Friday, November 2, 2012


Dom Cerulli 1927-2012
My friends Mark and Garrett's dad passed away last week, and I wanted to write about him while I had a moment. His name was Dom Cerulli and he was one of the most fascinating and clever men I've ever known.  This blog post is loosely based on a eulogy I gave on the day of Dom's funeral.

I’ve known Mark and his family since before I could drive a car. Since we both went to the same Catholic high school that served dozens of towns in Westchester and Putnam counties in NY, my folks would have to drive me to Mark’s house and pick me up later. I spent quite a few hours in the Cerulli home during high school.

Dom edited Downbeat Magazine in the 50's and 60's
I remember first going to the Cerulli home and seeing the incredible collection of commercial art on their walls - - original artwork from album covers, art from magazines, autographed photos, etc. Dom was in the advertising business, and he was also the editor of Down Beat Magazine, the premiere periodical about Jazz music in the 1950s and 1960s. All this stuff on the walls was the work of Mark’s dad, so I knew Dom by his work before I met him personally.

The third time I visited Mark’s house was when I first met Dom, and what struck me about him was how fascinated Dom was in - - well, simply everything. There wasn’t a topic where he didn’t show an interest, and he seemed to be able to relate a story to anything that came up. I asked him about some of his work on the walls of his den, and Dom would tell stories about a project, or people he knew whom he met during an ad campaign. Dom seemed to be everywhere during the 50’s and 60’s, and managed to be both a creator, and an appreciative audience for both the world of jazz, and the advertising world.

Did you like the "Cola Nuts" 7-Up commercials? That was Dom's.
Let me digress for a moment and talk about one of the most famous advertising campaigns in history. In 1917, the US Army hired James Montgomery Flagg to design a poster to inspire people to join the Army. The result was, of course, the famous picture of Uncle Sam saying  “I Want You.” The poster became one of the most famous images of the 20th Century. Keep that poster in mind for a little bit.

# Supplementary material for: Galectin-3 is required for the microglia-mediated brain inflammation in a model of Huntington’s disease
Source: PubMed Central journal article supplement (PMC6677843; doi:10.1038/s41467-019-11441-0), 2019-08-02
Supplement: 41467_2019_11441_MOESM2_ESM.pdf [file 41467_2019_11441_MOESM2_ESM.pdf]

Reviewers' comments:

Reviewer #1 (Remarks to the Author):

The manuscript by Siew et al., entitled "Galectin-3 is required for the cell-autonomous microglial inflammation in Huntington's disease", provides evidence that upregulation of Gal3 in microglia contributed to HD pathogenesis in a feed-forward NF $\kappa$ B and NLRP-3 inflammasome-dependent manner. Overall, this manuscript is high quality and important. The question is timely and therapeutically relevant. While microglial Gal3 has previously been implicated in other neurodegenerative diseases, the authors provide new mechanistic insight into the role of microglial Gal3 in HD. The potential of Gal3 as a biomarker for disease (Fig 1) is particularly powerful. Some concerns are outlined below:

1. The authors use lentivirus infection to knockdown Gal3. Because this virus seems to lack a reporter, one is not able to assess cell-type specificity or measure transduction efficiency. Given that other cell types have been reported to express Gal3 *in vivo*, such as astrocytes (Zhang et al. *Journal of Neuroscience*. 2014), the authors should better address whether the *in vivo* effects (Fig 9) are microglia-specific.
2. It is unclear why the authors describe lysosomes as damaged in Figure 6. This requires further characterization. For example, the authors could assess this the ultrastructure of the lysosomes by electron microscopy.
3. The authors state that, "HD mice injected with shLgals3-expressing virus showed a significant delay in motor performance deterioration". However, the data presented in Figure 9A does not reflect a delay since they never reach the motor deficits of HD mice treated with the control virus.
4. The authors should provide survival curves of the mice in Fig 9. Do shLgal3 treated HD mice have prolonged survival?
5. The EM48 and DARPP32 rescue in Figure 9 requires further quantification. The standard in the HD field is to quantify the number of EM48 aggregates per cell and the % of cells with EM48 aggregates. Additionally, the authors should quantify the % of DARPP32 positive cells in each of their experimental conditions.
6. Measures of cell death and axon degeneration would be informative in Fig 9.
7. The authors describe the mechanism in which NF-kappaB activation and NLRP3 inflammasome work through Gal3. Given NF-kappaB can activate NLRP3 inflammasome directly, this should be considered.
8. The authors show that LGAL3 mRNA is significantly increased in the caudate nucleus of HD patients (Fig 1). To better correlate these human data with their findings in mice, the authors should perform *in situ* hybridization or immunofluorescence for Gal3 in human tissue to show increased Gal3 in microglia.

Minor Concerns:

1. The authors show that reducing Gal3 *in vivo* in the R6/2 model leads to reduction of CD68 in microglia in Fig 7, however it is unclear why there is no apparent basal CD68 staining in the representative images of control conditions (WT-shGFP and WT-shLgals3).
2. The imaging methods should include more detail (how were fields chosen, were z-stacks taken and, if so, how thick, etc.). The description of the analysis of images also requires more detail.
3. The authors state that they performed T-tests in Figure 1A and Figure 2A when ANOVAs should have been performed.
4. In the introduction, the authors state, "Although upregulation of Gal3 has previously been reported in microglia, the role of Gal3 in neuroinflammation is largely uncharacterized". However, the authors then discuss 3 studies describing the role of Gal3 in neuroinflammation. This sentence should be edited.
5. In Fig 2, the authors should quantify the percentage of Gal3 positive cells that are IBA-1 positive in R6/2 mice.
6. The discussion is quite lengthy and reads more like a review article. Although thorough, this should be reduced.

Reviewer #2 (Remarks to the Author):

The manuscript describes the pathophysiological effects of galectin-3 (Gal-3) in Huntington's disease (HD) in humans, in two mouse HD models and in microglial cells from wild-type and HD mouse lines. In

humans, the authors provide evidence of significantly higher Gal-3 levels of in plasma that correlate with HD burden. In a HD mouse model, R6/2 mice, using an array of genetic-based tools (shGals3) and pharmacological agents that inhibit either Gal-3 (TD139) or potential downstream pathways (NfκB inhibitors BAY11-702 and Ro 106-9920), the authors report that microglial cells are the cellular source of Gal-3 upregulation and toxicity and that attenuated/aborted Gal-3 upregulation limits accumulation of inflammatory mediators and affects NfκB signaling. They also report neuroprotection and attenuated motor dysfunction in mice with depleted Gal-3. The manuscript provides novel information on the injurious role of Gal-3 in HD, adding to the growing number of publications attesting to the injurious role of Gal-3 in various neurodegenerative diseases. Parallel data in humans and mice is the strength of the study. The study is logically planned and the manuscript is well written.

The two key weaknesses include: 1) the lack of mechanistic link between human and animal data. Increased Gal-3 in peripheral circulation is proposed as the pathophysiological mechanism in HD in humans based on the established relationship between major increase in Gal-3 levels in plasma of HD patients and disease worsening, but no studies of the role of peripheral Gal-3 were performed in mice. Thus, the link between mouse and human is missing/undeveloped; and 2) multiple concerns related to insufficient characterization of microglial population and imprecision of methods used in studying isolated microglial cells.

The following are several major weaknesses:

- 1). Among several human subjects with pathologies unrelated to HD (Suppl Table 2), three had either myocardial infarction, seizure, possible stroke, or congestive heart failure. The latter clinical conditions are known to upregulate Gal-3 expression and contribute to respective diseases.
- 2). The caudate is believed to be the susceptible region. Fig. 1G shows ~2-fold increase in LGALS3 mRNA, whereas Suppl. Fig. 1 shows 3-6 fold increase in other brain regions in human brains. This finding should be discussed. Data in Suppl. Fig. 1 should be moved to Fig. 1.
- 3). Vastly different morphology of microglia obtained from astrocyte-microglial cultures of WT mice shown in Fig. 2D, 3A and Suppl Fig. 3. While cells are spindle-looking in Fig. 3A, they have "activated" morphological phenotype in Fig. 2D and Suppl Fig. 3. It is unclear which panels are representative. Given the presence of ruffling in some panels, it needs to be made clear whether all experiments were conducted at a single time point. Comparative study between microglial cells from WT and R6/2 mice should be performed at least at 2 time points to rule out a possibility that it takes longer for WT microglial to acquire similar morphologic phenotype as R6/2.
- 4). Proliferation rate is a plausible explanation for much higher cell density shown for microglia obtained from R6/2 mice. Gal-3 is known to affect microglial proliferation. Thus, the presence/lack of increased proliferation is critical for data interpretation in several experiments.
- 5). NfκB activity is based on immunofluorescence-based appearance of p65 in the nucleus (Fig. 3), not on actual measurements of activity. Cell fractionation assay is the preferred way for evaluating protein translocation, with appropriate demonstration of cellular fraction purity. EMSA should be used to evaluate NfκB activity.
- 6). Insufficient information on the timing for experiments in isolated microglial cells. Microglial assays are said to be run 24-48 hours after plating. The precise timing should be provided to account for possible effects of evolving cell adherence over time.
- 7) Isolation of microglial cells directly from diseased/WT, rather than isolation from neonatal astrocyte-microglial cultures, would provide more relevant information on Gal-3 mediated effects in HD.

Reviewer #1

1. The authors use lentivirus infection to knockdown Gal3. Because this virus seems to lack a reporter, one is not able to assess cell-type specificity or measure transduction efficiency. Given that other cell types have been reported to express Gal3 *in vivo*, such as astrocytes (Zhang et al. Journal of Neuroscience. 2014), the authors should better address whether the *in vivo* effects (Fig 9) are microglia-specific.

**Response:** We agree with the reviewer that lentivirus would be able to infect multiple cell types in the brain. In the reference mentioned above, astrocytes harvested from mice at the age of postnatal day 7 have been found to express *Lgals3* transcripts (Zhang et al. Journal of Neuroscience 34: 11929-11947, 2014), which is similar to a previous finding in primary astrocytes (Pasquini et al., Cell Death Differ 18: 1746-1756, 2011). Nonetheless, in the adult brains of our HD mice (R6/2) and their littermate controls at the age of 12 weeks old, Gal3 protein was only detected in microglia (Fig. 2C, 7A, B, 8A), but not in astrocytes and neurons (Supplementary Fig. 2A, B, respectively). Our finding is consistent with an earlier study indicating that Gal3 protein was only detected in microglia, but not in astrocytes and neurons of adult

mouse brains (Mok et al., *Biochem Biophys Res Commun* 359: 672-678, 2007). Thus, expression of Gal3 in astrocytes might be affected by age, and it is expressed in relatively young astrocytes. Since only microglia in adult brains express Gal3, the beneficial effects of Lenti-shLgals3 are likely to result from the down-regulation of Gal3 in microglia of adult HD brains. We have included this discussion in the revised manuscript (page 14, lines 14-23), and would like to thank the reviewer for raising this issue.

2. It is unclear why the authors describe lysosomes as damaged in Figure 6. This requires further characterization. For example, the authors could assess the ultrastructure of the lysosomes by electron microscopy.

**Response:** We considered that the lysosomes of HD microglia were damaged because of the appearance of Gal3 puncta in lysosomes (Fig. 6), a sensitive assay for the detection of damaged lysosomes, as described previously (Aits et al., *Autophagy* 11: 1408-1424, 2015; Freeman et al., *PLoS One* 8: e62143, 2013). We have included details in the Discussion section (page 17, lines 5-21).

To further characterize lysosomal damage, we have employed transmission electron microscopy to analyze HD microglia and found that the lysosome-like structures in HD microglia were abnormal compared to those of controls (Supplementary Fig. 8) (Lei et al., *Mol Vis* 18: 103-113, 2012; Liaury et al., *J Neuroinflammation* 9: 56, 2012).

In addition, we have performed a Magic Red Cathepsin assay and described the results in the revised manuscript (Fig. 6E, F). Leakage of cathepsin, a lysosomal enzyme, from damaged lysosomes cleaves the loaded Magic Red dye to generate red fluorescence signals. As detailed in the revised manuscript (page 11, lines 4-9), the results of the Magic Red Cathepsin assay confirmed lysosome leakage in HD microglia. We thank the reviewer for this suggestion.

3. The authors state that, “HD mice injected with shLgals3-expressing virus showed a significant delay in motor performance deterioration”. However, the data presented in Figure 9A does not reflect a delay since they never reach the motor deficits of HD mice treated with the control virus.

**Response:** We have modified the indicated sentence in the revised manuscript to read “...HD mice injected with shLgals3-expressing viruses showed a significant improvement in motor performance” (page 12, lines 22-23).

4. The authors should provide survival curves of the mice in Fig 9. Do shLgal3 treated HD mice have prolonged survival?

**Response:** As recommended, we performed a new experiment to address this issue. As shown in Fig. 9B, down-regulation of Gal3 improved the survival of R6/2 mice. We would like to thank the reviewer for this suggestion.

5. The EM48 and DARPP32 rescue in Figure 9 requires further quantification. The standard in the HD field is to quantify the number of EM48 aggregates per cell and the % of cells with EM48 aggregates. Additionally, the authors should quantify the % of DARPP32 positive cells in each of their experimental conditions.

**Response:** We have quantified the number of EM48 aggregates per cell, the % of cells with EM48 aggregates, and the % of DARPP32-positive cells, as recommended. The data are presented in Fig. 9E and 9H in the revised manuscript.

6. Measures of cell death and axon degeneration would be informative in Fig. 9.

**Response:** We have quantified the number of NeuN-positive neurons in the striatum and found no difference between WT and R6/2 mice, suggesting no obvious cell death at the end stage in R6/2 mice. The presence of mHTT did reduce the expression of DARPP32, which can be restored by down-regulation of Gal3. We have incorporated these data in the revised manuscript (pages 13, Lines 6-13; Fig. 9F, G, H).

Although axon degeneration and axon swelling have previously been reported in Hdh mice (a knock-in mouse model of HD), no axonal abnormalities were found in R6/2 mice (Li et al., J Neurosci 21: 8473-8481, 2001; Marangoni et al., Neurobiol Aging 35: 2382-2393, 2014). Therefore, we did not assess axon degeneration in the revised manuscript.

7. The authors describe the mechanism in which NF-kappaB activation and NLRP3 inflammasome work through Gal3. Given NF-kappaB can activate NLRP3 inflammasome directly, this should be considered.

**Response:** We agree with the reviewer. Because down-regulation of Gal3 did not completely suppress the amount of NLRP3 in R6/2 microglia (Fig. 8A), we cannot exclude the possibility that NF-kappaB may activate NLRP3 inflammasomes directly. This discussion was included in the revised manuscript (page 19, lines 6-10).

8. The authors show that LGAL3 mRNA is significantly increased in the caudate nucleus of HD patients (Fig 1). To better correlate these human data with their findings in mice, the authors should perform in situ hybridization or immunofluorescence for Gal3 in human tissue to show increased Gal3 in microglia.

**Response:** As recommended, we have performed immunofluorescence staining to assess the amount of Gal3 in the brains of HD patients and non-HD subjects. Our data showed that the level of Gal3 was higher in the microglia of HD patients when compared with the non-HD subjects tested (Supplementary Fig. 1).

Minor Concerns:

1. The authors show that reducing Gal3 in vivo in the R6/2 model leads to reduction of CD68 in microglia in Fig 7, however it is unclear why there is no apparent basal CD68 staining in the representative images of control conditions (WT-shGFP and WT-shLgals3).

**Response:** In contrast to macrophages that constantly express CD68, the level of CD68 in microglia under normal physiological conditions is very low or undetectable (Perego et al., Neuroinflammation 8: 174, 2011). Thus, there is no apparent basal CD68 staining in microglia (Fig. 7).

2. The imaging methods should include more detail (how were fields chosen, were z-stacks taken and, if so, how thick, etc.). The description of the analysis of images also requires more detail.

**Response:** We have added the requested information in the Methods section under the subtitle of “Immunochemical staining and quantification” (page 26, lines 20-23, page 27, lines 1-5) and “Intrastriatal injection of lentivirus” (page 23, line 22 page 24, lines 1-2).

Probably the most famous American ad, ever.

Two-Ton Tony (right), taking on Max Baer.
Both Dom and my own father were of the same generation, and they each had their own talented friends and heroes. Dom’s friends were in the music industry, while my dad’s friends were professional boxers. One of my dad’s friends was a boxer named “Two-Ton” Tony Galento, from Brooklyn.

I only met Two-Ton Tony after he had long retired, but he gave me a piece of advice that I think about a lot at times like this. He told me, “Kid (I was nine years old at the time when he told me this), you're in school every day of your life, and every life is a lesson - - if you're smart.”  So, when I’m asked to talk about people and their lives, I try to think of what lesson can be found in a person's life.

Let’s get back to Uncle Sam and that Army poster. Back when Mark and I were in high school, Dom worked for an advertising agency that was given the task of coming up with a new campaign for the Army - - replacing a classic campaign that was an icon. This would be like putting a different smile on the Mona Lisa, or rearranging the Washington Monument. But Dom was given that task and it had to be done, and the Army had to like it when it was done. A tall order.

 Back in 1917, when James Montgomery Flagg painted the portrait of Uncle Sam, he used his own face as the model for the guy on the poster. So when you’re looking at Uncle Sam, you’re actually looking at James Montgomery Flagg, the artist himself.

I think that’s the same thing that happened when Dom came up with the motto for the Army's new ad campaign. He found that model within himself, and gave us all the new phrase: “Be All You Can Be.”  So, I think that’s Tony Galento’s life lesson from Dom Cerulli: “Be All You Can Be.”

Rest in Peace, Dom.

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